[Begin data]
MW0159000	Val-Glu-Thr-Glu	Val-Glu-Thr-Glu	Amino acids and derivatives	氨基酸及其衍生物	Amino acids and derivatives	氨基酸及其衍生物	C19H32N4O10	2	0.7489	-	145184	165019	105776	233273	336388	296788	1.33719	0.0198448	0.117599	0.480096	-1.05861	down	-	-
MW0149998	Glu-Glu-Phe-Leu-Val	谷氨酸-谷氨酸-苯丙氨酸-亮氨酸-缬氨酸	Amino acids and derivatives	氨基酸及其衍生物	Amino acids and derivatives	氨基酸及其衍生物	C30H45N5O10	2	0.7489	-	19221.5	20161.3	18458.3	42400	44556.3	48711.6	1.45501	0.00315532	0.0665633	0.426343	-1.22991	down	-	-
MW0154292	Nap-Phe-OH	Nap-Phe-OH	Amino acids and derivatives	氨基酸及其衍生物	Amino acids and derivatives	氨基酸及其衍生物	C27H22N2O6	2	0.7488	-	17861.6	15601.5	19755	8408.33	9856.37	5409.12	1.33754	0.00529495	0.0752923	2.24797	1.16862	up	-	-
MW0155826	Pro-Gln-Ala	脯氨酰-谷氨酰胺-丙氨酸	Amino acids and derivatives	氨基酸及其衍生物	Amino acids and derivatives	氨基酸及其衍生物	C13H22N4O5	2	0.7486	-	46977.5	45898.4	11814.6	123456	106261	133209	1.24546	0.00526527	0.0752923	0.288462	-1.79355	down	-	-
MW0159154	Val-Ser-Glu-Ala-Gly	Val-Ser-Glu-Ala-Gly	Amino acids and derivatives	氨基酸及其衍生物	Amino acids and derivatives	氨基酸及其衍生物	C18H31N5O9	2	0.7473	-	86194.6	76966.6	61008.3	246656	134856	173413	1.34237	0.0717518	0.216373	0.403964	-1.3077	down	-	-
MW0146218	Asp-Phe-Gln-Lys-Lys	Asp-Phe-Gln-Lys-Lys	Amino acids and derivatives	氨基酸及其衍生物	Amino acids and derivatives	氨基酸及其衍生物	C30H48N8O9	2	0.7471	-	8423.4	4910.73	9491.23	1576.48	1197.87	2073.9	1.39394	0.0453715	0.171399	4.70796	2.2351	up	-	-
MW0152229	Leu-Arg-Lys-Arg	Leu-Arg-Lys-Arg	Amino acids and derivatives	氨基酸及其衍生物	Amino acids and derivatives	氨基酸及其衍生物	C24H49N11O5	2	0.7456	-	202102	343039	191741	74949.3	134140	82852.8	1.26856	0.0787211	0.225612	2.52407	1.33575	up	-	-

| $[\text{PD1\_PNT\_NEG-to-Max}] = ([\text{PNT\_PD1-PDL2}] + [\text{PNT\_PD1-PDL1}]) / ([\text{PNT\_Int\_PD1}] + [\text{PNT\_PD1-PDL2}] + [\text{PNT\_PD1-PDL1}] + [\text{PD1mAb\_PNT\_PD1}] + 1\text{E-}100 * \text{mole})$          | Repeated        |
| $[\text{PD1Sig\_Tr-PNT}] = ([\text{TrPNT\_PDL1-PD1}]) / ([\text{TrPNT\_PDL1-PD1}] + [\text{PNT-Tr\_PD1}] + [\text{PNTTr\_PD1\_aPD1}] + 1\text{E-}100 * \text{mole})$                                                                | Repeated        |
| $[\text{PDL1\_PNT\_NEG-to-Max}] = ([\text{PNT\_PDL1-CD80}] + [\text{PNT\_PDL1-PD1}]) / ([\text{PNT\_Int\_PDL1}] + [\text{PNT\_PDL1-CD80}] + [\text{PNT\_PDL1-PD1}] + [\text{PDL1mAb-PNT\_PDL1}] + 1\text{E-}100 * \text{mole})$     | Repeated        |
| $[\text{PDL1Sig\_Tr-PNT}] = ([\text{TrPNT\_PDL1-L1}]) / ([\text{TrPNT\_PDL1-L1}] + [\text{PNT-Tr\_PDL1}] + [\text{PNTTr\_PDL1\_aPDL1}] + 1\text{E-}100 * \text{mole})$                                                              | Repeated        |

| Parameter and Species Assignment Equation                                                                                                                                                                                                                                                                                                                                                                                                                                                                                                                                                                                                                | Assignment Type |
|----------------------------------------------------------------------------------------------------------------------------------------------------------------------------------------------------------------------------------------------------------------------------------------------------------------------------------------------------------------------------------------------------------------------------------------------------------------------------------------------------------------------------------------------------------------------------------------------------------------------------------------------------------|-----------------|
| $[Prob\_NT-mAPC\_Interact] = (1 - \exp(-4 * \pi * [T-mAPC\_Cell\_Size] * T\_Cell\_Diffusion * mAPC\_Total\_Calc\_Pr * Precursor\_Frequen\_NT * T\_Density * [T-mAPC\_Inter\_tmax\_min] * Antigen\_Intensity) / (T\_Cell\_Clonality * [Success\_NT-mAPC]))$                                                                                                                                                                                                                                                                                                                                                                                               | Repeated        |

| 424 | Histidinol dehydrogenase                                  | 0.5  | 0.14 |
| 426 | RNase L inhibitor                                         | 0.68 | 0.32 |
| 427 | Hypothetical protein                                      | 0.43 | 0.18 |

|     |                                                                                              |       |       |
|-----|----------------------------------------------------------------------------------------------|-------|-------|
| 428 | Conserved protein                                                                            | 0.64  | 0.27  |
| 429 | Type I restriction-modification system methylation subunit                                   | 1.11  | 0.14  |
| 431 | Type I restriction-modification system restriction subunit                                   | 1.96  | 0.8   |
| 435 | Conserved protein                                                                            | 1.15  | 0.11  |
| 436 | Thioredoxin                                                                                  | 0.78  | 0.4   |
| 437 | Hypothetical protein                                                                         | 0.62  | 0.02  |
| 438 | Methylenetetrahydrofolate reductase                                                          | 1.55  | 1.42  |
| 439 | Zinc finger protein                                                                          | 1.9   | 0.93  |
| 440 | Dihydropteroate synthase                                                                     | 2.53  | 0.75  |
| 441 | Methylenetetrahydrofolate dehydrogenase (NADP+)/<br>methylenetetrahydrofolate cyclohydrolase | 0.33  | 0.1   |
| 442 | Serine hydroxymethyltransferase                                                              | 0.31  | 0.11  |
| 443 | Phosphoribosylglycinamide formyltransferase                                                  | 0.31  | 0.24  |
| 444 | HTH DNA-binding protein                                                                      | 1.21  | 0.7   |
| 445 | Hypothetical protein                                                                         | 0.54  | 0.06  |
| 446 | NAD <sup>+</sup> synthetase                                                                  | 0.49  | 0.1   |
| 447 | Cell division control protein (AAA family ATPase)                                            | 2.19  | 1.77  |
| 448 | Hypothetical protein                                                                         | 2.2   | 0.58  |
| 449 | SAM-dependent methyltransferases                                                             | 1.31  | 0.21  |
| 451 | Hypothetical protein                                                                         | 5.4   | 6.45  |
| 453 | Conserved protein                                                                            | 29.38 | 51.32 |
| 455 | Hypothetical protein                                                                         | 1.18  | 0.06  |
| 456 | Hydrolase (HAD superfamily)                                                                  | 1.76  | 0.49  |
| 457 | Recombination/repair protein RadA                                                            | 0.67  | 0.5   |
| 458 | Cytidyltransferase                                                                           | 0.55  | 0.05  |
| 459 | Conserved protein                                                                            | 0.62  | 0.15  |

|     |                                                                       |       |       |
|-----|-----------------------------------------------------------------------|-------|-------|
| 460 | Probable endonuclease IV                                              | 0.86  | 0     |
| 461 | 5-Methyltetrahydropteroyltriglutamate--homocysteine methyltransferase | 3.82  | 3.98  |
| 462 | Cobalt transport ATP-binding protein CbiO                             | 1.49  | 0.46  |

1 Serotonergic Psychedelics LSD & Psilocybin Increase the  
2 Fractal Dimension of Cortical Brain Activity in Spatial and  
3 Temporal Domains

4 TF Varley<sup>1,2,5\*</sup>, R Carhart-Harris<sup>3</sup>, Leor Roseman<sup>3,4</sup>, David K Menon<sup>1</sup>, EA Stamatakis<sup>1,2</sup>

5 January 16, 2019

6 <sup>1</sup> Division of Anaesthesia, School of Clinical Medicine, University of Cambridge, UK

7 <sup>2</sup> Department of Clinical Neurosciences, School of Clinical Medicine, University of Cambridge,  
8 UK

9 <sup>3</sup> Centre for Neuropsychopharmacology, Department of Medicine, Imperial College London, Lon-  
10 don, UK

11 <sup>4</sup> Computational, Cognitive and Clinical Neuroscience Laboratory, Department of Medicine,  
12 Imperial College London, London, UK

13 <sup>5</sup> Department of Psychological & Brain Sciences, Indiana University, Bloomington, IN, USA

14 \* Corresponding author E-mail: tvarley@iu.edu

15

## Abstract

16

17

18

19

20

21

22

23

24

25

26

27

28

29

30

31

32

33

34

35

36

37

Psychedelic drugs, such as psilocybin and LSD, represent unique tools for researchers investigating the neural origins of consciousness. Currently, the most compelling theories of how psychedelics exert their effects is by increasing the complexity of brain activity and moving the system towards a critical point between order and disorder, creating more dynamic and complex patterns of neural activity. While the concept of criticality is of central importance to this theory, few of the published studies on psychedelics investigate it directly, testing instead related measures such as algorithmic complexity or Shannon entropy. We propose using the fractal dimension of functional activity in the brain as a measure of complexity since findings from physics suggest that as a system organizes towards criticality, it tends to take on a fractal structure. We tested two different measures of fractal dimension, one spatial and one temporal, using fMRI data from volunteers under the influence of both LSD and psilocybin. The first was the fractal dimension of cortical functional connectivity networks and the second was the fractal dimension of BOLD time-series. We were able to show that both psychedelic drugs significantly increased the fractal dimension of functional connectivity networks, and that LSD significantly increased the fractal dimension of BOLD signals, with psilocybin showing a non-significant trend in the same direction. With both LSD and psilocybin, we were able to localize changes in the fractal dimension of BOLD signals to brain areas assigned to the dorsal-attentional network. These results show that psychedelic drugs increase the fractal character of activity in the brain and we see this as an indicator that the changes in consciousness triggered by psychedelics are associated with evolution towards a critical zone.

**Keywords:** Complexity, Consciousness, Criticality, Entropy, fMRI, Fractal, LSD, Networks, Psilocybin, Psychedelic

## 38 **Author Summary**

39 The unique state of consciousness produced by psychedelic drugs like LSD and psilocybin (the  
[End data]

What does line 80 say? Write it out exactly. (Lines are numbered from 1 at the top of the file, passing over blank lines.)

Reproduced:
30